27 December 2012

A Clearly Important Manga

Over thirty years ago, I sat down to read Barefoot Gen, Keiji Nakazawa’s graphic novel about the aftermath of the Hiroshima bombing. The Cold War was still cold, and I was in the movement for a nuclear-weapons freeze. I was also reading American comics on a monthly basis.

Barefoot Gen was the first manga I saw, I now realize. And I didn’t get it. I couldn’t reconcile the “cartoony” art with the story’s casual violence plus the nuclear ultraviolence. I didn’t get the pace, especially after vaguely realizing that Nakazawa continued his story in more volumes. At least the pages had been flopped for the English edition; if I’d been trying to read right to left, I would have been completely lost.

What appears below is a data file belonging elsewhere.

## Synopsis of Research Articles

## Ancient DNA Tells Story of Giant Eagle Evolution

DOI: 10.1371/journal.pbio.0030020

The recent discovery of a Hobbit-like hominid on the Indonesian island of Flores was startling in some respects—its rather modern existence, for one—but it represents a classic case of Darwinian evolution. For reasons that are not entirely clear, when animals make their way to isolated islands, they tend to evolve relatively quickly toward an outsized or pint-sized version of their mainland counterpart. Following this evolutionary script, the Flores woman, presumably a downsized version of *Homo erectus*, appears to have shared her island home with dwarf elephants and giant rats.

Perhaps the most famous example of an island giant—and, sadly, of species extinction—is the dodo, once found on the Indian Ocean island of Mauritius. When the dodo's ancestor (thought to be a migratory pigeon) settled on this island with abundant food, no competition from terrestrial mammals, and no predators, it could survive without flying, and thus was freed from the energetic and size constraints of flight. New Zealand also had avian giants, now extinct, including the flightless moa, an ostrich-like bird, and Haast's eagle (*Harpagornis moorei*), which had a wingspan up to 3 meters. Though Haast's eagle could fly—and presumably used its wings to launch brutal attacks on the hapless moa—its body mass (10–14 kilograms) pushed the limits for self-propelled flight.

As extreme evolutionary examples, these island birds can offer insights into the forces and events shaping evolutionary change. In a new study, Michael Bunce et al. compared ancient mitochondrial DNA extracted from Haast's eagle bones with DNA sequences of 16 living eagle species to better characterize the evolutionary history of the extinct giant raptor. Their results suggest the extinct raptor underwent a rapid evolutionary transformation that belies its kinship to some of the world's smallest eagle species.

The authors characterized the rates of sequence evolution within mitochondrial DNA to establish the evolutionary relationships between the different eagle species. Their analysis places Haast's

I like to think that with more background information about how Japanese comics were created and published I would have gotten much more out of Barefoot Gen. As it was, I got only the vague guilt of not being able to appreciate something that was Clearly Important.

Nakazawa, who was six when the bomb dropped, just died from lung cancer. Barefoot Gen remains in print around the world and has inspired three cinematic adaptations.


Glenn Ingersoll said...

I, too, found it strange. But after Godzilla movies and Speed Racer I was curious to experience another (odder) Japanese import. I liked it. I decided the cartoony stuff was a way to get us in the head of a boy thus making the atom bomb horrors more inexplicable. That was what helped me read Barefoot Gen, anyway.

J. L. Bell said...

I didn't even have that background. I hadn't watched an entire Godzilla movie or more than a few minutes of Speed Racer or Astro Boy. I'm not sure I could have identified them as distinctively Japanese, either.